‘Oncologists are putting their eggs in two baskets’
The research field already has seen dramatic responses in melanoma, kidney, lymphoma, lung cancer and other cancers using immunotherapies, said Dr. Otis Brawley, chief medical officer at the American Cancer Society, who will be attending this year’s oncology society meeting.
“I personally have seen patients with widely metastatic disease have remission and have long asymptomatic periods with good quality of life. Immunotherapy deserves support so that it can be further developed,” he said.
At the same time, Brawley added, there are other modalities that deserve equal support.
“While I would not give up on the old and newer cytotoxic chemotherapies, the hormones and the hormone blockers, I also do not see this as either/or,” he said. “Both areas are fertile ground for more research. I would like to see all of these modalities and several others pursued and investigated.”
As for immunotherapy, research showing that the drugs ipilimumab
stopped melanoma from advancing for nearly a year in 58% of cancer cases
garnered excitement at the ASCO meeting in 2015
. Many other studies showing the promise of immunotherapy also have been presented at the meetings since then.
“I suspect that ASCO will be just like the last few,” Prasad said of this year’s meeting, which he will miss due to a time conflict. “Immunotherapy will be showered with praise; there will be little mention of the downsides, harms or costs or, worst of all, that it may have limits in fighting cancer.”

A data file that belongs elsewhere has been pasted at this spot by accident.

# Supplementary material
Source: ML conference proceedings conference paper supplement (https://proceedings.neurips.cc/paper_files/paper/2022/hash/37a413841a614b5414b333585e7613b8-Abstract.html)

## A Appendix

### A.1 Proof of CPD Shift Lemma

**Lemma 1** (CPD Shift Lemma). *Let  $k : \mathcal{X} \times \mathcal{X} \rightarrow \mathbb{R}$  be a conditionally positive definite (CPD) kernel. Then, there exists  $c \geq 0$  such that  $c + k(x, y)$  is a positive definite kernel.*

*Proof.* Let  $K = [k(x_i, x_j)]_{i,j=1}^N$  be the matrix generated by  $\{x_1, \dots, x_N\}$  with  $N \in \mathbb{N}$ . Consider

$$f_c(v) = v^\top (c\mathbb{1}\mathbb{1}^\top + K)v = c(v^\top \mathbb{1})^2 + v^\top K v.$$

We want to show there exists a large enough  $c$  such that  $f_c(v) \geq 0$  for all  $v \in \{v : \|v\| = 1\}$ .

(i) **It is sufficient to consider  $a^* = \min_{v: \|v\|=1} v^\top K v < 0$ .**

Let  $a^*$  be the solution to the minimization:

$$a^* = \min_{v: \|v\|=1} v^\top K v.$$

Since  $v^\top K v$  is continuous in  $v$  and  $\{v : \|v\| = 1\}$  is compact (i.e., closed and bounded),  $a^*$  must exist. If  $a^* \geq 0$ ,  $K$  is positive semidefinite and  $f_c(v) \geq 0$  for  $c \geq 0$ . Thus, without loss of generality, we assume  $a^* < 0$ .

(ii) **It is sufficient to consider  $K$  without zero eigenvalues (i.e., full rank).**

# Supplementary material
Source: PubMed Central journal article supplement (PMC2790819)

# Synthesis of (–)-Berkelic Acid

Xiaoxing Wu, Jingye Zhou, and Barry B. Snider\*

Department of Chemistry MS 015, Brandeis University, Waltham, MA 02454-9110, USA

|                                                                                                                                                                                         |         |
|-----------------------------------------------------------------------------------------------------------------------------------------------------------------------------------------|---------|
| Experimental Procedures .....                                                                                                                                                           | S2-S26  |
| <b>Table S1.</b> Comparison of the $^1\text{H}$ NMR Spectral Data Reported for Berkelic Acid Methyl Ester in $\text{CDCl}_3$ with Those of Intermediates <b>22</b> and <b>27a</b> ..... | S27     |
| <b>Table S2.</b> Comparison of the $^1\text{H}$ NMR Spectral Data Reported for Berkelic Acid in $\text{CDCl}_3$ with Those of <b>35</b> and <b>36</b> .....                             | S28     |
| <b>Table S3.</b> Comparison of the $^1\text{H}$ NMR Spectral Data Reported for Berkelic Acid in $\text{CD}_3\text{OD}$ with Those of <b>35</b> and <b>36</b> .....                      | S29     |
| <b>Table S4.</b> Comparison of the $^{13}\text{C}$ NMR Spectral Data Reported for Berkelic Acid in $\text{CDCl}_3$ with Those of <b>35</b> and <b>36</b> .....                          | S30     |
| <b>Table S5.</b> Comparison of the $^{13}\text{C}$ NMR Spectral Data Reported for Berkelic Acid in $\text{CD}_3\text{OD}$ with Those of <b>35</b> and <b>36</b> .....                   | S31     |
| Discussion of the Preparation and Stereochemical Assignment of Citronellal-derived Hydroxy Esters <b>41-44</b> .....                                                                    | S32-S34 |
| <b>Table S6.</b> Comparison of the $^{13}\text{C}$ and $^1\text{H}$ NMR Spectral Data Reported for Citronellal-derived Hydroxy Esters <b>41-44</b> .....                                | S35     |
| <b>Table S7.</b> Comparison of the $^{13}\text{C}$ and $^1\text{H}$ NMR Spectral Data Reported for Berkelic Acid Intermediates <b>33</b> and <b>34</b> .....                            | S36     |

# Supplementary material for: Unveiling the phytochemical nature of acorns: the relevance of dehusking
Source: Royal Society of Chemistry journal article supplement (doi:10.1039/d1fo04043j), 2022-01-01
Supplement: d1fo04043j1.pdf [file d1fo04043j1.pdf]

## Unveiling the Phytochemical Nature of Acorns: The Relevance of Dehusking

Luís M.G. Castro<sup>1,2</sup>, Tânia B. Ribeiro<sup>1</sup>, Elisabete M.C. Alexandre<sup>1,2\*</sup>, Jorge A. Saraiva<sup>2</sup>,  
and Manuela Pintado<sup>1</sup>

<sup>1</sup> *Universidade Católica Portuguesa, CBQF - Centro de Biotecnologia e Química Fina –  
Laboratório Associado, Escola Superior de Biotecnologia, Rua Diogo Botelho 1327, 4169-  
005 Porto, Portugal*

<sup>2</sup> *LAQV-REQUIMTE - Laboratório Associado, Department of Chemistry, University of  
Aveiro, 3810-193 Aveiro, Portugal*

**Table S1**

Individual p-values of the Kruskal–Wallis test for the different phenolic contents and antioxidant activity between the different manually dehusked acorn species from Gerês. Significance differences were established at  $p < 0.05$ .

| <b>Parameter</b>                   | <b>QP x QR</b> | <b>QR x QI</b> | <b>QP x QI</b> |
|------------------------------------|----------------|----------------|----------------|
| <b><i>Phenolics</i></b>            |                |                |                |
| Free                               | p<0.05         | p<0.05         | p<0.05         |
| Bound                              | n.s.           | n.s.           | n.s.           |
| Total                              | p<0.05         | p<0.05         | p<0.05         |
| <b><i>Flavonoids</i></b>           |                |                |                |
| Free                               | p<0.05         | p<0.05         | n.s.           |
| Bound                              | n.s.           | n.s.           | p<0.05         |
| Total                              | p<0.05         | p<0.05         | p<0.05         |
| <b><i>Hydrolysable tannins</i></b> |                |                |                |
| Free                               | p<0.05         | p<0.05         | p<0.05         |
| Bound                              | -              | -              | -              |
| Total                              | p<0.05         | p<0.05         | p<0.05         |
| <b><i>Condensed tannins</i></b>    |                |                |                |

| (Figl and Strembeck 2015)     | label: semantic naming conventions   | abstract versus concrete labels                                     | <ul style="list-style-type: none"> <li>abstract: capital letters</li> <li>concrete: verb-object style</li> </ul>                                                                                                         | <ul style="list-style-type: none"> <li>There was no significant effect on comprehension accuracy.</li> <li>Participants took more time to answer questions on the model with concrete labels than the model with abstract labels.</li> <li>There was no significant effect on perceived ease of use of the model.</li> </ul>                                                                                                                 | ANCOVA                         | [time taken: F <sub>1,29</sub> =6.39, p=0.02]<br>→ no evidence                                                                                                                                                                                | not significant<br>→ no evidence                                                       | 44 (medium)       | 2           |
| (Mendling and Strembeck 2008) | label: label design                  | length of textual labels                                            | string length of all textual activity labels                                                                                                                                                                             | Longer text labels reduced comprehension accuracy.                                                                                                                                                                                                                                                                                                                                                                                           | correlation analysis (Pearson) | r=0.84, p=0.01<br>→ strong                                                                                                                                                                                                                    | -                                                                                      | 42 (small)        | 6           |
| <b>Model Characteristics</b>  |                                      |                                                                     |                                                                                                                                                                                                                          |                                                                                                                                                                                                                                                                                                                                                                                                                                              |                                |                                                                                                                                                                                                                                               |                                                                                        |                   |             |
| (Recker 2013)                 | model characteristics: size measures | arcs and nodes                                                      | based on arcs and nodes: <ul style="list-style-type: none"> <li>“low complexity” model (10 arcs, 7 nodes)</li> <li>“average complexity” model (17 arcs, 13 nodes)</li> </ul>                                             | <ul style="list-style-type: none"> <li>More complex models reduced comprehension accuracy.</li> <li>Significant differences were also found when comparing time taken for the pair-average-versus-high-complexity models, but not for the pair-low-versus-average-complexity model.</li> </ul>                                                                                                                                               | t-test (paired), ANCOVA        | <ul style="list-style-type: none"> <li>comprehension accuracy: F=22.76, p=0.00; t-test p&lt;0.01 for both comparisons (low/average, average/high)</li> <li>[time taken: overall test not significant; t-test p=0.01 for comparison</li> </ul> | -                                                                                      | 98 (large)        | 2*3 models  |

Food and Drug Administration regulations, potential side effects and costs mean that only a small percentage of cancer patients may benefit from immunotherapy today, Prasad said. Immunotherapy side effects
include possible skin reactions, flu-like symptoms, heart palpitations, diarrhea, infection, arthritis
, or severe or even deadly allergic reactions. In 2015, it was estimated that ipilimumab and nivolumab ranged in cost from about $100,000
to $150,000, respectively, for a course of therapy.
Prasad and Nathan Gay, an oncology fellow at Oregon Health and Science University, co-authored an editorial in STAT News
in which they used US national cancer patient data and FDA approvals of immunotherapy treatments to calculate the possible percentage of patients who currently could benefit from immunotherapy.
The editorial, published in March, showed that only about 8% of all cancer patients would benefit, if they could get access to and afford immunotherapy drugs, since the treatment has been approved for only a few cancers.
“Since that article, we have had some new data,” Prasad said of the editorial. “Maybe the number is as high as 12% or 15% at present, and it may peak at 15% or 25%. That would be a great success, but to me, the glass will still be 75% empty.”
Weber, however, prefers to view the glass as half-full.
Those numbers don’t take into account the trajectory of how immunotherapy drugs are being developed, Weber said.
In other words, the numbers in the editorial paint an unfair portrait of the beneficial impact immunotherapy could have for cancer patients since the immunotherapy field is still growing, he said.
“When you contemplate the fact that there are hundreds — literally, I think the last count it was something like 800 combination immunotherapy trials
going on in different indications — you’ve got to figure that the number or proportion of patients that will benefit from these drugs is going to expand over the next decade,” Weber said.
“Potentially, in the future, my belief is that virtually any cancer patient would be a candidate (for immunotherapy),” he said. “The best is yet to come.”
Greenberg also called the editorial pessimistic and disappointing.